One adage I’ve always loved in life is ‘beautiful things grow from dirt.’ It speaks to our remarkable ability as humans to make a good thing out of a bad thing. This is why one story of two local women who turned a rubbish dump into a vegetable garden, gave me all the Springtime renewal feelings. There’s always the opportunity to make something positive out of a stale situation. It’s a fact of life that these two ladies can attest to.
Covid took a lot away from a lot of people, but the lockdown also came with its special moments. Moments of reflection, reevaluation, contemplation and new beginnings. This was the case for two Salvokop women, Lufuno Doyoyo and Sinah Mudau, living just outside of Pretoria. The pair had grown tired of ‘sitting around not doing anything’, during covid times.
The two women, with great initiative, approached the local councillor with an idea to convert a vacant, littered slot of municipal land into a vegetable garden, selling the fresh spinach and mutshaina (African Spinach) to community members. After receiving approval, the pair set out on sewing their seeds to new beginnings.
With help from Doyoyo’s brother, the group tilled the land, removing heaps of rubbish. The collective spirit of the team must have really shone through, as not long after, a group of local men decided to lend their helping hands.
“They got inspired to help clean up,” Doyoyo said talking with Good Things Guy.
As always though. There will be those who fall back on old habits. Some locals continued to throw rubbish in the patch but were cautioned not to by other members of the community. Later the veggie-patch team managed to put a small fence up front, deterring litterbugs from the neatly kept beddings. Water for the garden is in no short supply, connected straight from the street’s underground pipe.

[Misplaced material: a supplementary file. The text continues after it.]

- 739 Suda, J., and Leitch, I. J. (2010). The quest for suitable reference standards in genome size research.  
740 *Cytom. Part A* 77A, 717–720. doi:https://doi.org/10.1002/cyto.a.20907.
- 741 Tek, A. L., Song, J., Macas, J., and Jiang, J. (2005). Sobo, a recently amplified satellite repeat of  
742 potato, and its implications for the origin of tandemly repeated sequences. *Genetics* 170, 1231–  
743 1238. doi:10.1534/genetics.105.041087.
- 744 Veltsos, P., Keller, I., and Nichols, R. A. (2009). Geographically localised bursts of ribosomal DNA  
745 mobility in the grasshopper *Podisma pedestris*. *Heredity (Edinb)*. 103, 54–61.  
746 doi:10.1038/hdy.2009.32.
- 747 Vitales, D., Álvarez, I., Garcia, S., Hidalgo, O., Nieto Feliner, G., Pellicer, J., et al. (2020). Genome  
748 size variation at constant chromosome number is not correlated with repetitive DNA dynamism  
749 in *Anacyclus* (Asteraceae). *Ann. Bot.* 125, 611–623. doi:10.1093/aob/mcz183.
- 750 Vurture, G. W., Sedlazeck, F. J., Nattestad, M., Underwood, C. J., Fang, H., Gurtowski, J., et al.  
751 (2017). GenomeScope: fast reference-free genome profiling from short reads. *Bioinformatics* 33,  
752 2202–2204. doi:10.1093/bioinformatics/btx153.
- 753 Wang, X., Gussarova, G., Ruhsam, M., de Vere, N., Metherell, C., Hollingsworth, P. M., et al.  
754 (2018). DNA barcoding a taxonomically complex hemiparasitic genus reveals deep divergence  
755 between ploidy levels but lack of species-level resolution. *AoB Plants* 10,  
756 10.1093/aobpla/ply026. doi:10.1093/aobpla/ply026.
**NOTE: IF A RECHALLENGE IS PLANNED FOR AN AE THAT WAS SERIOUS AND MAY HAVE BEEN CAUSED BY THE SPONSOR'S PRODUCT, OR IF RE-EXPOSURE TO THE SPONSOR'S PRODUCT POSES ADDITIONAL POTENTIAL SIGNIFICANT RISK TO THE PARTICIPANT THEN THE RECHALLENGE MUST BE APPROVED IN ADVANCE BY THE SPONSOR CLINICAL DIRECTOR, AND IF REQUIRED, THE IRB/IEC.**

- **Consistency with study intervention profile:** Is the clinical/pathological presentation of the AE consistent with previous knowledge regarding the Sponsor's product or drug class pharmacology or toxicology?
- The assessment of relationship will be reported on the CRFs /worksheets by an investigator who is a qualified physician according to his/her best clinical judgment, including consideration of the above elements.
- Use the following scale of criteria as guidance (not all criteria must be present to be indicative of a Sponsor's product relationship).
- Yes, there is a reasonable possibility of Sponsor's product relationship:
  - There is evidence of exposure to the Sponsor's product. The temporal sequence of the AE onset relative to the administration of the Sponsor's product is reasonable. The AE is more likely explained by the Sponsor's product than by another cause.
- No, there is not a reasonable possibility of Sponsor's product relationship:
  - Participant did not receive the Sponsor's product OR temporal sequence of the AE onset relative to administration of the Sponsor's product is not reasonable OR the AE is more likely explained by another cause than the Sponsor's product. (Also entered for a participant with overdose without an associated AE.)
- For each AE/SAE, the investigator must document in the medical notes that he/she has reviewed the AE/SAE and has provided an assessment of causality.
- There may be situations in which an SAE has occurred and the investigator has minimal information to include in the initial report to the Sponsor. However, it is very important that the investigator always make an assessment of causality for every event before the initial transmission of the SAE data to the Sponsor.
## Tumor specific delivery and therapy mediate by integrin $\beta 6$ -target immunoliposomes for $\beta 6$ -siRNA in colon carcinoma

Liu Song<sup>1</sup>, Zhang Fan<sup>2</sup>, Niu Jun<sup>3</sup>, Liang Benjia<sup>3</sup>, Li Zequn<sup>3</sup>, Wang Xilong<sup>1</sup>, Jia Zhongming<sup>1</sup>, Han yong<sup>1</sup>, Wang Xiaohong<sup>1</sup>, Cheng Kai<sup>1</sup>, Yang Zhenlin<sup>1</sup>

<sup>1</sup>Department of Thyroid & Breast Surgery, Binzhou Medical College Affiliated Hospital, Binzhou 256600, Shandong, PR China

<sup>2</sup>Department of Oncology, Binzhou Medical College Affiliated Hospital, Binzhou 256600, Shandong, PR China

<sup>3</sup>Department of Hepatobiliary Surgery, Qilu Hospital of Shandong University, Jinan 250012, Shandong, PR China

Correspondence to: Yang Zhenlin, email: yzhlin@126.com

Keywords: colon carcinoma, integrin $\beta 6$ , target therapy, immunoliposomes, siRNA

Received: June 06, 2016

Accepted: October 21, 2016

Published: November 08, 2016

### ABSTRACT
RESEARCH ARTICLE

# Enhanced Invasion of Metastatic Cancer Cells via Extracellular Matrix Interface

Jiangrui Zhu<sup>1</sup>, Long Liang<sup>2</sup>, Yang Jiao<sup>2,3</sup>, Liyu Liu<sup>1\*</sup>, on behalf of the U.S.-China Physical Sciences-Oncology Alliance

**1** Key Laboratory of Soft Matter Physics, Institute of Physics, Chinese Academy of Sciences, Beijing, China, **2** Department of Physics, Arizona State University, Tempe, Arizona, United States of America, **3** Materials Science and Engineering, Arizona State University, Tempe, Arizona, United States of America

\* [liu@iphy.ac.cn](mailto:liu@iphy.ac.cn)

Now, the women employ an assistant, Eugene Govi, who keeps to the garden while the two women are busy with their own work. Sinah runs a food business right next to the community garden, where she incorporates spinach as one of her ingredients. The pair have bigger plans for the future, with a mission to clear the land completely and put fences up all around. They’d like to grow an array of other veggies alongside their flourishing spinach patch.
Currently, the pair are bringing in an extra R200 a week, from selling their fresh spinach and mutshaina. Still, the women pour their passion into the project, with money for Govi’s salary and the seedlings coming from their personal savings.
Doyoyo adds that they would like to upskill themselves even further and learn more about farming, with plans to apply for support through the Department of Agriculture, Land Reform, and Rural Development’s Comprehensive Agricultural Support Programme. The end goal is to start supplying surrounding areas of the community with freshly grown veg, and to boost local job creation in Salvokop.
Feature Image:Ezekiel Kekana